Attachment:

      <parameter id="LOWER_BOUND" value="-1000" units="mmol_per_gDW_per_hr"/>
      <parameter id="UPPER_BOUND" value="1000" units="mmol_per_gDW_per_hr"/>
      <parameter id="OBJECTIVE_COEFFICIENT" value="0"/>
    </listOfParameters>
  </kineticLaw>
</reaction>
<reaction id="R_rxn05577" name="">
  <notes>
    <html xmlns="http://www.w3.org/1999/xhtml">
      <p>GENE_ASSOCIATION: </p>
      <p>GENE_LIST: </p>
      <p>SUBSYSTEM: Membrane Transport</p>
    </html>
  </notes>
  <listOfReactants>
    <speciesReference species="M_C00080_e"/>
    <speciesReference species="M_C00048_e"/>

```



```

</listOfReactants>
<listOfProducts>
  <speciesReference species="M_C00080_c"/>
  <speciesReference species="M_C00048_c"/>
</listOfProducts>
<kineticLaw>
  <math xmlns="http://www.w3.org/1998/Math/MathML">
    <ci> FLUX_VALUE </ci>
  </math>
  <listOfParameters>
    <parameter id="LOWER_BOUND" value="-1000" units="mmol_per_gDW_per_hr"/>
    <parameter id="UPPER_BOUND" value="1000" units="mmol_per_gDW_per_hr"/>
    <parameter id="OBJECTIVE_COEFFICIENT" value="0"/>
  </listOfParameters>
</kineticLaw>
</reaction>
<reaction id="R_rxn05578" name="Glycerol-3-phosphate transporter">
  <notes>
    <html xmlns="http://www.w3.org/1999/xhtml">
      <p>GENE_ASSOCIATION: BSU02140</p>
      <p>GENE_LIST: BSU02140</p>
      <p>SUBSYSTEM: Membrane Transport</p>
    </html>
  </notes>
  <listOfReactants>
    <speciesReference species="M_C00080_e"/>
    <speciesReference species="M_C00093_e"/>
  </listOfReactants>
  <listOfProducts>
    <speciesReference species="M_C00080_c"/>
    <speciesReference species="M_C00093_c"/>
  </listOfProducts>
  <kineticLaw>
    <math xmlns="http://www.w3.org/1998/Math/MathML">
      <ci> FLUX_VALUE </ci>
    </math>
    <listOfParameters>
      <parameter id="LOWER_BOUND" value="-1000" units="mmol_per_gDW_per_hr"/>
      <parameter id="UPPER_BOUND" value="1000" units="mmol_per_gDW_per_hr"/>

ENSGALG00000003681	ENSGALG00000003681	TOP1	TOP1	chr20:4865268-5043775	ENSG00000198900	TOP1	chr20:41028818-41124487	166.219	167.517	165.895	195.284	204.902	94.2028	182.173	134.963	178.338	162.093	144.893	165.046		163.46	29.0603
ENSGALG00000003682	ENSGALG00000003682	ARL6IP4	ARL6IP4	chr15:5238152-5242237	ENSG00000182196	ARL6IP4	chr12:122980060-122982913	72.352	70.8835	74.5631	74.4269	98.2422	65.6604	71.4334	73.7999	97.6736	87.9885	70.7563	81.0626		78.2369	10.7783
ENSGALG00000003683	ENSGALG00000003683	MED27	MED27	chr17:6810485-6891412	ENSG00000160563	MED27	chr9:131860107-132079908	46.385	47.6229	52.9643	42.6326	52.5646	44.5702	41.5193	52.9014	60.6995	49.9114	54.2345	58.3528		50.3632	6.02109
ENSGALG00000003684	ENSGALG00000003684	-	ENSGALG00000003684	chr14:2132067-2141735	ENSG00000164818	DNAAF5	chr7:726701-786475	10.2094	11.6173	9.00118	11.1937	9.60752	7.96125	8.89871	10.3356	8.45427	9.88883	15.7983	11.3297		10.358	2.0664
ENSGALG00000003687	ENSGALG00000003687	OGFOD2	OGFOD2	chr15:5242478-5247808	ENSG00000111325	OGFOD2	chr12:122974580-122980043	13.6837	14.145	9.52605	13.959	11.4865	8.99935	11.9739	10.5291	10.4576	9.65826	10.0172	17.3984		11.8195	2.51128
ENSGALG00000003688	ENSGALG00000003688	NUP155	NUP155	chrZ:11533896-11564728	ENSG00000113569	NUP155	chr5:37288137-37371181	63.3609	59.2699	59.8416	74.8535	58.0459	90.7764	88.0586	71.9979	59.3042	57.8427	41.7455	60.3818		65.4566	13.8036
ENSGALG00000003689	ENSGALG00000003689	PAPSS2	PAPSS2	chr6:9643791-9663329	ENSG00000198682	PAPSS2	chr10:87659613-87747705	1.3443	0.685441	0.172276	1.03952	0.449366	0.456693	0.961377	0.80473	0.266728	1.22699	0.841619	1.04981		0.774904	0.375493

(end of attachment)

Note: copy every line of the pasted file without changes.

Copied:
      <parameter id="LOWER_BOUND" value="-1000" units="mmol_per_gDW_per_hr"/>
      <parameter id="UPPER_BOUND" value="1000" units="mmol_per_gDW_per_hr"/>
      <parameter id="OBJECTIVE_COEFFICIENT" value="0"/>
    </listOfParameters>
  </kineticLaw>
</reaction>
<reaction id="R_rxn05577" name="">
  <notes>
    <html xmlns="http://www.w3.org/1999/xhtml">
      <p>GENE_ASSOCIATION: </p>
      <p>GENE_LIST: </p>
      <p>SUBSYSTEM: Membrane Transport</p>
    </html>
  </notes>
  <listOfReactants>
    <speciesReference species="M_C00080_e"/>
    <speciesReference species="M_C00048_e"/>

```



```

</listOfReactants>
<listOfProducts>
  <speciesReference species="M_C00080_c"/>
  <speciesReference species="M_C00048_c"/>
</listOfProducts>
<kineticLaw>
  <math xmlns="http://www.w3.org/1998/Math/MathML">
    <ci> FLUX_VALUE </ci>
  </math>
  <listOfParameters>
    <parameter id="LOWER_BOUND" value="-1000" units="mmol_per_gDW_per_hr"/>
    <parameter id="UPPER_BOUND" value="1000" units="mmol_per_gDW_per_hr"/>
    <parameter id="OBJECTIVE_COEFFICIENT" value="0"/>
  </listOfParameters>
</kineticLaw>
</reaction>
<reaction id="R_rxn05578" name="Glycerol-3-phosphate transporter">
  <notes>
    <html xmlns="http://www.w3.org/1999/xhtml">
      <p>GENE_ASSOCIATION: BSU02140</p>
      <p>GENE_LIST: BSU02140</p>
      <p>SUBSYSTEM: Membrane Transport</p>
    </html>
  </notes>
  <listOfReactants>
    <speciesReference species="M_C00080_e"/>
    <speciesReference species="M_C00093_e"/>
  </listOfReactants>
  <listOfProducts>
    <speciesReference species="M_C00080_c"/>
    <speciesReference species="M_C00093_c"/>
  </listOfProducts>
  <kineticLaw>
    <math xmlns="http://www.w3.org/1998/Math/MathML">
      <ci> FLUX_VALUE </ci>
    </math>
    <listOfParameters>
      <parameter id="LOWER_BOUND" value="-1000" units="mmol_per_gDW_per_hr"/>
      <parameter id="UPPER_BOUND" value="1000" units="mmol_per_gDW_per_hr"/>

ENSGALG00000003681	ENSGALG00000003681	TOP1	TOP1	chr20:4865268-5043775	ENSG00000198900	TOP1	chr20:41028818-41124487	166.219	167.517	165.895	195.284	204.902	94.2028	182.173	134.963	178.338	162.093	144.893	165.046		163.46	29.0603
ENSGALG00000003682	ENSGALG00000003682	ARL6IP4	ARL6IP4	chr15:5238152-5242237	ENSG00000182196	ARL6IP4	chr12:122980060-122982913	72.352	70.8835	74.5631	74.4269	98.2422	65.6604	71.4334	73.7999	97.6736	87.9885	70.7563	81.0626		78.2369	10.7783
ENSGALG00000003683	ENSGALG00000003683	MED27	MED27	chr17:6810485-6891412	ENSG00000160563	MED27	chr9:131860107-132079908	46.385	47.6229	52.9643	42.6326	52.5646	44.5702	41.5193	52.9014	60.6995	49.9114	54.2345	58.3528		50.3632	6.02109
ENSGALG00000003684	ENSGALG00000003684	-	ENSGALG00000003684	chr14:2132067-2141735	ENSG00000164818	DNAAF5	chr7:726701-786475	10.2094	11.6173	9.00118	11.1937	9.60752	7.96125	8.89871	10.3356	8.45427	9.88883	15.7983	11.3297		10.358	2.0664
ENSGALG00000003687	ENSGALG00000003687	OGFOD2	OGFOD2	chr15:5242478-5247808	ENSG00000111325	OGFOD2	chr12:122974580-122980043	13.6837	14.145	9.52605	13.959	11.4865	8.99935	11.9739	10.5291	10.4576	9.65826	10.0172	17.3984		11.8195	2.51128
ENSGALG00000003688	ENSGALG00000003688	NUP155	NUP155	chrZ:11533896-11564728	ENSG00000113569	NUP155	chr5:37288137-37371181	63.3609	59.2699	59.8416	74.8535	58.0459	90.7764	88.0586	71.9979	59.3042	57.8427	41.7455	60.3818		65.4566	13.8036
ENSGALG00000003689	ENSGALG00000003689	PAPSS2	PAPSS2	chr6:9643791-9663329	ENSG00000198682	PAPSS2	chr10:87659613-87747705	1.3443	0.685441	0.172276	1.03952	0.449366	0.456693	0.961377	0.80473	0.266728	1.22699	0.841619	1.04981		0.774904	0.375493